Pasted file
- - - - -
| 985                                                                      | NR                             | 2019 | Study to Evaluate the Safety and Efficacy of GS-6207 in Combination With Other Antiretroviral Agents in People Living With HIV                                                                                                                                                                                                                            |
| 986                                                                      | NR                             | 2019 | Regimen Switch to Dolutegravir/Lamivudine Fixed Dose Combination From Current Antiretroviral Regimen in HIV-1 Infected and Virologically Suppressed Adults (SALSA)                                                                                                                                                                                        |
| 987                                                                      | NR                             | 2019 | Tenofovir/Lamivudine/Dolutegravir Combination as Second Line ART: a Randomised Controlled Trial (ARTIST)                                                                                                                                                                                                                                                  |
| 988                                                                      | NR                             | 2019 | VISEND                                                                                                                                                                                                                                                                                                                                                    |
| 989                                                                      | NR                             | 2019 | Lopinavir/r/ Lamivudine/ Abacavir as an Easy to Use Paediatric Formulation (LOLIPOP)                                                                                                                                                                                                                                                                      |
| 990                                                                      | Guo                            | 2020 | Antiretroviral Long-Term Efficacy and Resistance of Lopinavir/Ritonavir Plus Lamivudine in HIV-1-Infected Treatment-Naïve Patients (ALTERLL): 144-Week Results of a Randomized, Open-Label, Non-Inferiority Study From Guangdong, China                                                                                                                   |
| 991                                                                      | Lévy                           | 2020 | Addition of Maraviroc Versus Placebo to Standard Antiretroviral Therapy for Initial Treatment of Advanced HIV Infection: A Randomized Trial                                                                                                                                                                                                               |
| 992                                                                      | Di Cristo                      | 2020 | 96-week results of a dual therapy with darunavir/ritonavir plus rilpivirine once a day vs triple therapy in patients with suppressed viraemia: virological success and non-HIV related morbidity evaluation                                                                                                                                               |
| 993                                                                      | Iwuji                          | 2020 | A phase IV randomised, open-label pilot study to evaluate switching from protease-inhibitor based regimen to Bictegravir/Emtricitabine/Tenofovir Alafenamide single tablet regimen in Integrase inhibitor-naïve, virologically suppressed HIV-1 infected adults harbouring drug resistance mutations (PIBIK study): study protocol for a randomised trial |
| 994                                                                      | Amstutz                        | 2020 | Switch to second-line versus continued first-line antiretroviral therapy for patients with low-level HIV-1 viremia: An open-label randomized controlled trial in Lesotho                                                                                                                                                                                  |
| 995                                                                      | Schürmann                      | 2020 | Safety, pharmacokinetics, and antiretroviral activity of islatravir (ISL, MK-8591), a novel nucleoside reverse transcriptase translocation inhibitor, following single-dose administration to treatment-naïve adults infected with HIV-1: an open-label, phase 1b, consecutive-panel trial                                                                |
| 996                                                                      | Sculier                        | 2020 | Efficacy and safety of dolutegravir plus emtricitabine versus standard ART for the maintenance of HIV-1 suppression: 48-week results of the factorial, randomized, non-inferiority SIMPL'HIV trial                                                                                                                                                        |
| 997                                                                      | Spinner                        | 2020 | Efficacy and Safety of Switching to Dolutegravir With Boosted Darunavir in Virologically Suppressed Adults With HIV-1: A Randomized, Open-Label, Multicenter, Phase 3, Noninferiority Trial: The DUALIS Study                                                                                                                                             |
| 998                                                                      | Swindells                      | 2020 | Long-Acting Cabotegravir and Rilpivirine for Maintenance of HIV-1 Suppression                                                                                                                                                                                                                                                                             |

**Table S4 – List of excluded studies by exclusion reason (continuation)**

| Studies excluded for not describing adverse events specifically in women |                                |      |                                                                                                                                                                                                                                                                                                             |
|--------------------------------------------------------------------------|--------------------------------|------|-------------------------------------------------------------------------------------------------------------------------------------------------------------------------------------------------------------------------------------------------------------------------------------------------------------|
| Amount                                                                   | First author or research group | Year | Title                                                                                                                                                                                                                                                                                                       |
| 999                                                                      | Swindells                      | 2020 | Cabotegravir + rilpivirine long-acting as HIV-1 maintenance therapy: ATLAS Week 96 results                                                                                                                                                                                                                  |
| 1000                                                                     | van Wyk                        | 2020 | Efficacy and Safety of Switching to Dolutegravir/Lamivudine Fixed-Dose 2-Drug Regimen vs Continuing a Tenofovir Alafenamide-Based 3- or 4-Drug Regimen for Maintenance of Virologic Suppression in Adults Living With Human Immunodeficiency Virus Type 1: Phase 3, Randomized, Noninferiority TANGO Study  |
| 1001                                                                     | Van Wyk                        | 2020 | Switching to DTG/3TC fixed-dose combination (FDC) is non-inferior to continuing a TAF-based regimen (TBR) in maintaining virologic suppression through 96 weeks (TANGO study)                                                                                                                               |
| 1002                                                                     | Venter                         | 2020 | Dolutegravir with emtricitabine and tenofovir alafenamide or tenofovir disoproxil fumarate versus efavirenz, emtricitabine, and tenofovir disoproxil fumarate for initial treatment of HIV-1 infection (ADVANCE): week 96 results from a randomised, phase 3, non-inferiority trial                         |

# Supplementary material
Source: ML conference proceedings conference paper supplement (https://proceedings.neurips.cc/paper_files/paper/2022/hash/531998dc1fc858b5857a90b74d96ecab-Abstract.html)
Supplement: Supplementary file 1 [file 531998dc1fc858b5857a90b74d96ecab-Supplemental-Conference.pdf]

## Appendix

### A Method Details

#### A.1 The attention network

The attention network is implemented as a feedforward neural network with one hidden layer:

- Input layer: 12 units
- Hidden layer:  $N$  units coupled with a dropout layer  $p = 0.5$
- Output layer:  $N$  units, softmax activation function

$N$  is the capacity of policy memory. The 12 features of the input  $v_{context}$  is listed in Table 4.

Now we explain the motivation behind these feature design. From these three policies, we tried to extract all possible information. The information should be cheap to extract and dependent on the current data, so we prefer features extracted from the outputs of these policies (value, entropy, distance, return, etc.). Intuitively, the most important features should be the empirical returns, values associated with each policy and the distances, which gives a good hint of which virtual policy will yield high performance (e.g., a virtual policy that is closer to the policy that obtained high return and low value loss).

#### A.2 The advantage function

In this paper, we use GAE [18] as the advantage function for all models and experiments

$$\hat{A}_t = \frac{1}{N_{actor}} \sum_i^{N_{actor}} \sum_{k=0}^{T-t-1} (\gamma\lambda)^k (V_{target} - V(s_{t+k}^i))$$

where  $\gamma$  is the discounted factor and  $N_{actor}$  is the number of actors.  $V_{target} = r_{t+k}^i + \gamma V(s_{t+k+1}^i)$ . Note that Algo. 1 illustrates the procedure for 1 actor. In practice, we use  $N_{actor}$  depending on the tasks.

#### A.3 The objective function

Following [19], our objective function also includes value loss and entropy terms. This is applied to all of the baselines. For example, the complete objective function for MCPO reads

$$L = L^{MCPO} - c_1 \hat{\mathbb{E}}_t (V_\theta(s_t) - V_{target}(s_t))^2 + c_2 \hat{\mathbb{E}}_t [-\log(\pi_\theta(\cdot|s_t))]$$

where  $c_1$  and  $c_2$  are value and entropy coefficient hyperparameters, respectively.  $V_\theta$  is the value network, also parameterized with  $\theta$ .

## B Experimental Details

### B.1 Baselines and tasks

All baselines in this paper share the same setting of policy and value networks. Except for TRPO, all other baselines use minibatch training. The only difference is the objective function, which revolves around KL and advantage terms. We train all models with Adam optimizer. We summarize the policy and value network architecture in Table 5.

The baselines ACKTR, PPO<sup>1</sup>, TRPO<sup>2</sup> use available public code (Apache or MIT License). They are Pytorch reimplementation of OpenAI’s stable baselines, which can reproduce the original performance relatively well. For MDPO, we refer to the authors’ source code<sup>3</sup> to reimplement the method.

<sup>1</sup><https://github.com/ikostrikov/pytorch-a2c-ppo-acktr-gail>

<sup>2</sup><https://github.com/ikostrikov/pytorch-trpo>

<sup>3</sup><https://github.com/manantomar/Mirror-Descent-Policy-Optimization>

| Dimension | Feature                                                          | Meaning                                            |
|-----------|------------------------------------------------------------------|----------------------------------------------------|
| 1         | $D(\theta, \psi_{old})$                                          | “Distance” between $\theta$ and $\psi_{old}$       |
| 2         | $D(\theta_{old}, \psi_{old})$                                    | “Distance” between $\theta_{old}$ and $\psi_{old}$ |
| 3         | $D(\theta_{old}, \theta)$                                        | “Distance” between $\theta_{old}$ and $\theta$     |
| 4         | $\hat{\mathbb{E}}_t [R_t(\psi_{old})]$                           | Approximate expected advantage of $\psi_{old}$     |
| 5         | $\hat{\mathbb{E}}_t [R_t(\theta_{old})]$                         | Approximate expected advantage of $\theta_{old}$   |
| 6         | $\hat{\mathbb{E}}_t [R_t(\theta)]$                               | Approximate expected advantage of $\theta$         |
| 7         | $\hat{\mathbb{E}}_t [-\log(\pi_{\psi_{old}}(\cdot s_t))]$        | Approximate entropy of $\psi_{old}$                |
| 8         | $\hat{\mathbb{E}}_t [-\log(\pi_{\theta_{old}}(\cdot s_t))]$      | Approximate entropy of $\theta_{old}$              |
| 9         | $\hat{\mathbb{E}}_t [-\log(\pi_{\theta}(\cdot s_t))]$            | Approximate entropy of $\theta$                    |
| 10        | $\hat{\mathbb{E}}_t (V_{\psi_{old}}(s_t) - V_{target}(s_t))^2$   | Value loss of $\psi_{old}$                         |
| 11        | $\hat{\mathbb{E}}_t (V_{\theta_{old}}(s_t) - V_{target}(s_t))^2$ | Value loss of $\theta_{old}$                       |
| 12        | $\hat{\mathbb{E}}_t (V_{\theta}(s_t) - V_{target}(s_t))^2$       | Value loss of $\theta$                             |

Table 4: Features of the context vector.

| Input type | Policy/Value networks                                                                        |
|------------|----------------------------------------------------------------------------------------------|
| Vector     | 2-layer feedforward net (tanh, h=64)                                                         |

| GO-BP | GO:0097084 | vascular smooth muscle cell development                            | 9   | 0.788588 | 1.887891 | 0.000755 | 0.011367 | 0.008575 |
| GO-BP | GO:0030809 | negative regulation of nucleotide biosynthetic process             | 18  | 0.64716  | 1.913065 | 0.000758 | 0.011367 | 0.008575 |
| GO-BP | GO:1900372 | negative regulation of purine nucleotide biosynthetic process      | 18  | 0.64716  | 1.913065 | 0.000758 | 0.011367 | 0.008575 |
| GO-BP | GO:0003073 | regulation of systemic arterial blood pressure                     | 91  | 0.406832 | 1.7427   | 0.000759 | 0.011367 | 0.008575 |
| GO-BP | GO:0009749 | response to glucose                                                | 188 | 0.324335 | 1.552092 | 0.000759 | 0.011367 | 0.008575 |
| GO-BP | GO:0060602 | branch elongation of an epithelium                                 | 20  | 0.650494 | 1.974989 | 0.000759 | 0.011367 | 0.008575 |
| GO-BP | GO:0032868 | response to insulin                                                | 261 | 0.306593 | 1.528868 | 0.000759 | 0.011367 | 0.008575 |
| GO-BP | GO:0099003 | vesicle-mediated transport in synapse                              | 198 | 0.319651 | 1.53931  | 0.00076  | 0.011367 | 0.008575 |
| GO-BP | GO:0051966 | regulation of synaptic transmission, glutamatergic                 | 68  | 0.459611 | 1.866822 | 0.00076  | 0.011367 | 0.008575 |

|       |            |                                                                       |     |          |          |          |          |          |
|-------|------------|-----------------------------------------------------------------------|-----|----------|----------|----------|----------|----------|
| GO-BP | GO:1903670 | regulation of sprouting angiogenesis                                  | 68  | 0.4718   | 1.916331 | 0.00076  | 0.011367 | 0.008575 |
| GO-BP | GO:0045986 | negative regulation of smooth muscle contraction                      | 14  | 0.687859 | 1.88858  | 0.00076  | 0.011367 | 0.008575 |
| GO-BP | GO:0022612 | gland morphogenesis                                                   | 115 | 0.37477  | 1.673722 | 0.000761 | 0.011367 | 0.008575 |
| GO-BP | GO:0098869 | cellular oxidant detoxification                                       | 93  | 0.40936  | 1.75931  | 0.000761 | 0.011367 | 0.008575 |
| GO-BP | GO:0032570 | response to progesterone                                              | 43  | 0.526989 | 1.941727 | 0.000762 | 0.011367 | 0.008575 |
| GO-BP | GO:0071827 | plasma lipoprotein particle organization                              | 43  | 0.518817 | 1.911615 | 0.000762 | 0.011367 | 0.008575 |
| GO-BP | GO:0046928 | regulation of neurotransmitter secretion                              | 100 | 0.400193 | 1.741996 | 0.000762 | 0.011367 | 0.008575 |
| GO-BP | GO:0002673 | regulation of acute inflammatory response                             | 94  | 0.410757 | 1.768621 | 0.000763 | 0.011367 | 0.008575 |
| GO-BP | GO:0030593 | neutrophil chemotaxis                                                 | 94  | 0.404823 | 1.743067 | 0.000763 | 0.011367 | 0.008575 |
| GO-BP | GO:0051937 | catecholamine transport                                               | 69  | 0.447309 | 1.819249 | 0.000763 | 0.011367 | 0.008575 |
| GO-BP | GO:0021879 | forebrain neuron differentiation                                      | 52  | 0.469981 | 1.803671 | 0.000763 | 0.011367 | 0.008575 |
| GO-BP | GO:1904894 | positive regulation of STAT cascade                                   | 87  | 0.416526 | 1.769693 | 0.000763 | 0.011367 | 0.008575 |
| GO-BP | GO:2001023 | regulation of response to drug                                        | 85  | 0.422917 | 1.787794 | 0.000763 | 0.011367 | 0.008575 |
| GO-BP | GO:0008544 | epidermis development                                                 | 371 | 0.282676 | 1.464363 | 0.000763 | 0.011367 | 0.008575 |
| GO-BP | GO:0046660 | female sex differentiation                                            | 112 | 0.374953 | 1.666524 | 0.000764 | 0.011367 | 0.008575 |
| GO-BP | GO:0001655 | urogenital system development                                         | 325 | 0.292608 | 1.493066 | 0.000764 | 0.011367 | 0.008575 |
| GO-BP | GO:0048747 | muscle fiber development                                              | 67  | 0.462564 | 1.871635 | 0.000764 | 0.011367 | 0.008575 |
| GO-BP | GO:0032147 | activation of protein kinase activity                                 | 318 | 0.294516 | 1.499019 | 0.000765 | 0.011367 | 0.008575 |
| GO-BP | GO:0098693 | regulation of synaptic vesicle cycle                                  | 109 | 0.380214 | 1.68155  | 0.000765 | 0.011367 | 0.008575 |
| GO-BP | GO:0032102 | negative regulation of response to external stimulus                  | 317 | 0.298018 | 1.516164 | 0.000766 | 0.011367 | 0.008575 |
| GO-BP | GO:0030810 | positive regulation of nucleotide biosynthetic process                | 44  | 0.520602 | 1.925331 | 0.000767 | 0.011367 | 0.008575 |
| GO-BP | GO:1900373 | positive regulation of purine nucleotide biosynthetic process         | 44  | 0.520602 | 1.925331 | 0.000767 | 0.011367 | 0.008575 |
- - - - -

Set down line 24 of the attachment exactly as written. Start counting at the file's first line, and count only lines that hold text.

Source: ML conference proceedings conference paper supplement (https://proceedings.neurips.cc/paper_files/paper/2022/hash/531998dc1fc858b5857a90b74d96ecab-Abstract.html)